poison

Last year we heard about controversial government plans to use extremely toxic rodenticides to eradicate rodents and mongooses from wilderness areas throughout Hawaii.

USDA Wildlife Services is now asking the EPA for a permit to test the poison chlorophacinone at the environmentally sensitive Pohakuloa Training Area (PTA) on Hawaii Island to see how well it kills mice, and to see what else it kills.

The comment period for this Experimental Use Permit ends January 17, but the Wildlife Services is not making the details of their permit available without a Freedom of Information Act (FOIA) request, which won’t be processed until after the comment period ends.

Even without details, PTA is the wrong place for this experiment.

ptaFifteen bird species protected under the Migratory Bird Treaty Act are found at PTA, along with the endangered Hawaiian Petrel, Hawaiian Hoary Bat, Hawaiian Hawk, and Hawaiian Goose. Game birds, pigs, sheep, and goats are at PTA. All are threatened by this poison.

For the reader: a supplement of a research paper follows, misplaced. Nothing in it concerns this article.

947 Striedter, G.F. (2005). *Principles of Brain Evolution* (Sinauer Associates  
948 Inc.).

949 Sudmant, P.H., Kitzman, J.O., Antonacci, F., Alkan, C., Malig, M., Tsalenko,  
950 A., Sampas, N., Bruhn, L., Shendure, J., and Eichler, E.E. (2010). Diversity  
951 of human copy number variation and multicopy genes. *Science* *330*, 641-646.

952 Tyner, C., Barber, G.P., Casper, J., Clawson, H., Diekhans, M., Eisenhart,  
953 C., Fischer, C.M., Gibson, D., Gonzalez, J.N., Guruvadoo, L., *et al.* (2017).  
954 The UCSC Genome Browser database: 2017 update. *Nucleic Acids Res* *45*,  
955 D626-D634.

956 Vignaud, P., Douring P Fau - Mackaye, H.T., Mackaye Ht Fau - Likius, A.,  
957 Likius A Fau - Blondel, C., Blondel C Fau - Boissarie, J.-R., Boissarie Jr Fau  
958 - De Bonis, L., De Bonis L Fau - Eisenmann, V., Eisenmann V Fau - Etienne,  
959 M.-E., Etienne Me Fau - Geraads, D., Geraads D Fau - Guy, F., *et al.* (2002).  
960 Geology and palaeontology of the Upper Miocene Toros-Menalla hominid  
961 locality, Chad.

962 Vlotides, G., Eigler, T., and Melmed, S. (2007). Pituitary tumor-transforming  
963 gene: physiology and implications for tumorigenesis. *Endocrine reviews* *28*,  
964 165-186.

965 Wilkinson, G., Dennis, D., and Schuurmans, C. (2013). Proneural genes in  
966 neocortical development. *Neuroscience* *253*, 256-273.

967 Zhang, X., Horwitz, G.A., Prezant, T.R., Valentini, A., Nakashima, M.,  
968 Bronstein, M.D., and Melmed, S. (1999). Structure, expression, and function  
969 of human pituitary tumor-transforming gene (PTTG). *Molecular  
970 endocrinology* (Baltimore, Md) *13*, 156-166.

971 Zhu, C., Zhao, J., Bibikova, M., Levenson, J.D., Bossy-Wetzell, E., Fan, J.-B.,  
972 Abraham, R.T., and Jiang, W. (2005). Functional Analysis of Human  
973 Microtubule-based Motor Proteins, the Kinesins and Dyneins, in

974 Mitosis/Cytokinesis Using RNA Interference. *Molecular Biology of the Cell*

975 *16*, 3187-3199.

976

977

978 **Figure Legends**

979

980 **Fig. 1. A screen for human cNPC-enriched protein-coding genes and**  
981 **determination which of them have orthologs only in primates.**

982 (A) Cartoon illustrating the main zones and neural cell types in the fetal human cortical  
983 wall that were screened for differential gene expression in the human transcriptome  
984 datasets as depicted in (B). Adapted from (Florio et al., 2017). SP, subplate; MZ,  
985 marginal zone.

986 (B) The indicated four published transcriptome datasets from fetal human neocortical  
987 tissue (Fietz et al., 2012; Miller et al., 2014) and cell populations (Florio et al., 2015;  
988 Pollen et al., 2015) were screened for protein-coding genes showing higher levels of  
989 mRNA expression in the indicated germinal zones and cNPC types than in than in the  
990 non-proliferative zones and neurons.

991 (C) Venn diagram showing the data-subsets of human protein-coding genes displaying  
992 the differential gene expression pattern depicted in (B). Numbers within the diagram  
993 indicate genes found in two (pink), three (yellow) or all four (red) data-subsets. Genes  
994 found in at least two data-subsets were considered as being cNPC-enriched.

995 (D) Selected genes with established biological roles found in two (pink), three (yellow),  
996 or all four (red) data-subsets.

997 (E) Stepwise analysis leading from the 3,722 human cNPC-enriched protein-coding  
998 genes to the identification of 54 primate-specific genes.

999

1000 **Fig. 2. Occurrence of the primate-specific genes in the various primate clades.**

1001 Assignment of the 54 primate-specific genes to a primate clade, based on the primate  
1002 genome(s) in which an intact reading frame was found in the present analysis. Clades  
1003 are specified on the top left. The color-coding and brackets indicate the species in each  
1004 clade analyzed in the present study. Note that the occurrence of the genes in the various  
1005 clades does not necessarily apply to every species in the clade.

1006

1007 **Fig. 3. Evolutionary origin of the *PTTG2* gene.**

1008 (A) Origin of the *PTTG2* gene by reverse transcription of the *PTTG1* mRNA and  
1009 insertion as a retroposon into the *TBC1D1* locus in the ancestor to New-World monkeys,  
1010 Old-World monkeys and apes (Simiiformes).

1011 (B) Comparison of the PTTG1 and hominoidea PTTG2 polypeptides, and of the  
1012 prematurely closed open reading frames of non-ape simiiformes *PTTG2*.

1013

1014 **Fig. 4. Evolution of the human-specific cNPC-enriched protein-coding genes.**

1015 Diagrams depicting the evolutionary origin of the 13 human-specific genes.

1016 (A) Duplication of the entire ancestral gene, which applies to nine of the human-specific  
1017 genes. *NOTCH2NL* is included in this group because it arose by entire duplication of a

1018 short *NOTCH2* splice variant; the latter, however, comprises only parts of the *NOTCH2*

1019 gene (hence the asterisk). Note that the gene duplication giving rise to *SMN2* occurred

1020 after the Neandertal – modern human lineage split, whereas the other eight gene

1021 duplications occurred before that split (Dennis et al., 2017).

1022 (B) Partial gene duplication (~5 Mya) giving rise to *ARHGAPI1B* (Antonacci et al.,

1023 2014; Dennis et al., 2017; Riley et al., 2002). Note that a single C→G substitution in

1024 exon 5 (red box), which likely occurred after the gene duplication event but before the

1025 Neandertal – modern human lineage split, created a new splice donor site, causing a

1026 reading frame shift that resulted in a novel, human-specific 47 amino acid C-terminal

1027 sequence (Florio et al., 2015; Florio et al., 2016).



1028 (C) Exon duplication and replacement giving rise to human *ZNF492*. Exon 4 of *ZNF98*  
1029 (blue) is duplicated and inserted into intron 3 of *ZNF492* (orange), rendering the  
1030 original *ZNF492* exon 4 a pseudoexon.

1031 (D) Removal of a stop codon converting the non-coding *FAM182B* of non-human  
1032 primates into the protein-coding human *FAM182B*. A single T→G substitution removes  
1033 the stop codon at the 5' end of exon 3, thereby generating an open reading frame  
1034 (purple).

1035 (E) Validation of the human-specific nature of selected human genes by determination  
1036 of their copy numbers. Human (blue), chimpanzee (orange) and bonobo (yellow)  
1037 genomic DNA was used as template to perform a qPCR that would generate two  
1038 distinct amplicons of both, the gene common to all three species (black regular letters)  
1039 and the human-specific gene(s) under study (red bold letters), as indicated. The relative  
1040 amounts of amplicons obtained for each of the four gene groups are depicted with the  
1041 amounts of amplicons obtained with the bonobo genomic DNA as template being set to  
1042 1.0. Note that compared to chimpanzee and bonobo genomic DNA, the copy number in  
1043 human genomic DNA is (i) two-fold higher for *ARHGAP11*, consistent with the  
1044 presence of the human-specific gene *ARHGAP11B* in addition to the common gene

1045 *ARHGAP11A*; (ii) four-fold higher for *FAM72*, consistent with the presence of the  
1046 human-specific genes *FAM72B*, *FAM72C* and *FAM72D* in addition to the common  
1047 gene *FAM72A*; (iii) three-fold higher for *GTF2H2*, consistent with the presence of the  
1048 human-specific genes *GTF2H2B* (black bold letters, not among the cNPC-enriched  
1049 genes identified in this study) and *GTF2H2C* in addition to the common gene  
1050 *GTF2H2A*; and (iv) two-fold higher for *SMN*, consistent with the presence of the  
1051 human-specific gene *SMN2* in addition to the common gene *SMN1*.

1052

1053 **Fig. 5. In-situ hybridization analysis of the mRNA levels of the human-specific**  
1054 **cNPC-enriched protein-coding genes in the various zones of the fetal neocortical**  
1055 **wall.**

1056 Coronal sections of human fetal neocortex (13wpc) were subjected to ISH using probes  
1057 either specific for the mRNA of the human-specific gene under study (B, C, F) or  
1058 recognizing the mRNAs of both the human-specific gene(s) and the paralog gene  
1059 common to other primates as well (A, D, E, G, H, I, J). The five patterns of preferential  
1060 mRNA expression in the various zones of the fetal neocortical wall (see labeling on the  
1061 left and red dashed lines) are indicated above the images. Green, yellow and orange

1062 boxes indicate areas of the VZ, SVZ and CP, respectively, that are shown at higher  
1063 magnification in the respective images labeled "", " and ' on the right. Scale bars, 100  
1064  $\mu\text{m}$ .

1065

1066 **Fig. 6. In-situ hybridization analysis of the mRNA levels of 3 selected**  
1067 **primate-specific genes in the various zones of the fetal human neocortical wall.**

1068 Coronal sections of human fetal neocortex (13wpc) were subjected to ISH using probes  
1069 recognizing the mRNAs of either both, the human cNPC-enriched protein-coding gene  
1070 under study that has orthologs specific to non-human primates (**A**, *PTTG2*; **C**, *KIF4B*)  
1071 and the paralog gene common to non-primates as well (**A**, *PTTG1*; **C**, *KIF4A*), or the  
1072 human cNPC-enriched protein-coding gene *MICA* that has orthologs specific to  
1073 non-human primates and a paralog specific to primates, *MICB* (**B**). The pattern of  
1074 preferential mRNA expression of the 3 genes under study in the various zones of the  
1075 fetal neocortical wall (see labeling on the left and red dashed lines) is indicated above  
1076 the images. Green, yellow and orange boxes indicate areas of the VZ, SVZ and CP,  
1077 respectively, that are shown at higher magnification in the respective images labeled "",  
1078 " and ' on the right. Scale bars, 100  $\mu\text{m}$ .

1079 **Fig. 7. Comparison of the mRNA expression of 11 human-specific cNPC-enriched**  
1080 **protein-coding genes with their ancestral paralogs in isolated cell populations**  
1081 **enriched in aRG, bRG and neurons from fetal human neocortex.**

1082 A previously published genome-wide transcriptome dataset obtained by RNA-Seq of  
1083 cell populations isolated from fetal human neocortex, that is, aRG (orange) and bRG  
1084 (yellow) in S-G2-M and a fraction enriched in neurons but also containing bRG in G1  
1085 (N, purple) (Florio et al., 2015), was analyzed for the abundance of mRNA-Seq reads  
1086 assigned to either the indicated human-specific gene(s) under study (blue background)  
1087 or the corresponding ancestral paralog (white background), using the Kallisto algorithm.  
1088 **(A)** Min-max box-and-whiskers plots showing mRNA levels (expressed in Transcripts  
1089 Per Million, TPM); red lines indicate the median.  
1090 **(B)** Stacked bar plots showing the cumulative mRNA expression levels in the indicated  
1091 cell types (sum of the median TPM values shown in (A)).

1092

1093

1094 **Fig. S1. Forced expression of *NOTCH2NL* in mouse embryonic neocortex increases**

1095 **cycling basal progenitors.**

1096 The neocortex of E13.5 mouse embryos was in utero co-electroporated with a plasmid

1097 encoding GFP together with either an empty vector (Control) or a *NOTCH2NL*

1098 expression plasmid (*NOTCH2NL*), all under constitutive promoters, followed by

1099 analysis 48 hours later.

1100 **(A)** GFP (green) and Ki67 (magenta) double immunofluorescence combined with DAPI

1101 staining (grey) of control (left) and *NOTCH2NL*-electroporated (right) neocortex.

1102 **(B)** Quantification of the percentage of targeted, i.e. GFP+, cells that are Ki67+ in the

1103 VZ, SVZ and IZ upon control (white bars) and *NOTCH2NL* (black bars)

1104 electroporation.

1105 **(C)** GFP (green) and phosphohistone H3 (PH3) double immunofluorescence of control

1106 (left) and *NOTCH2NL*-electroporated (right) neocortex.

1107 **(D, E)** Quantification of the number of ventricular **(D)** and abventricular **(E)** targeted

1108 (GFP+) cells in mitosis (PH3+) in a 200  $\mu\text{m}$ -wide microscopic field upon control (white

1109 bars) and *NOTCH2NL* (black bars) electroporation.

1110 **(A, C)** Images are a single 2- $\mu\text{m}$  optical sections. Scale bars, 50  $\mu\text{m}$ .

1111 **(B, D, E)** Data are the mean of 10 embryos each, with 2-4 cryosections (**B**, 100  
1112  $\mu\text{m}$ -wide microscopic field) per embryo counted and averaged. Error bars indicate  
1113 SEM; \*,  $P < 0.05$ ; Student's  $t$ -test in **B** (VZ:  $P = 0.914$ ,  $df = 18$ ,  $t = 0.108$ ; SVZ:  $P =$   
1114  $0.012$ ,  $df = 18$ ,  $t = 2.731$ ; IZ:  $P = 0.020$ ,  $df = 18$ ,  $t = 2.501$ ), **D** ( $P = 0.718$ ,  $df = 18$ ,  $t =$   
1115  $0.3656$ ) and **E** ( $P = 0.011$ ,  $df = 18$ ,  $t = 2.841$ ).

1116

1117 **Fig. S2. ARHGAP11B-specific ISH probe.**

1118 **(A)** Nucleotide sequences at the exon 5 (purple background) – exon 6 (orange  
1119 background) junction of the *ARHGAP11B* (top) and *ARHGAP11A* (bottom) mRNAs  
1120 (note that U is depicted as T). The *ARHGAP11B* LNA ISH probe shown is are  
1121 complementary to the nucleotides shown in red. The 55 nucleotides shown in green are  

Insects are threatened, too. The endangered yellow-faced bees and Cydia mamane codling moths are at PTA. These moths are required for the survival of the endangered palila bird, which must feed on the larvae of the moths.

How plants and insects react to the poison is unknown. It is extremely toxic to birds and mammals, causing internal bleeding. It is a painful, drawn-out death, not only to rodents and other animals who directly eat it, but also to anything that eats poisoned prey. Hunters may get poisoned game.

Beneath PTA is newly discovered pristine groundwater, and chlorophacinone is a known water contaminant.

After the poisoning, more rodents will move back in, so more poison will be needed.

Rodents can be a problem. But testing poisons at PTA is not the answer. To comment on this poisoning, go to NoPoisonHawaii.org.

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Sydney Ross Singer is a medical and environmental anthropologist, author, and director of the Good Shepherd Foundation, located on the Big Island. Sydney is a pioneer of applied medical anthropology, and he is also the director of the Institute for the Study of Culturogenic Disease.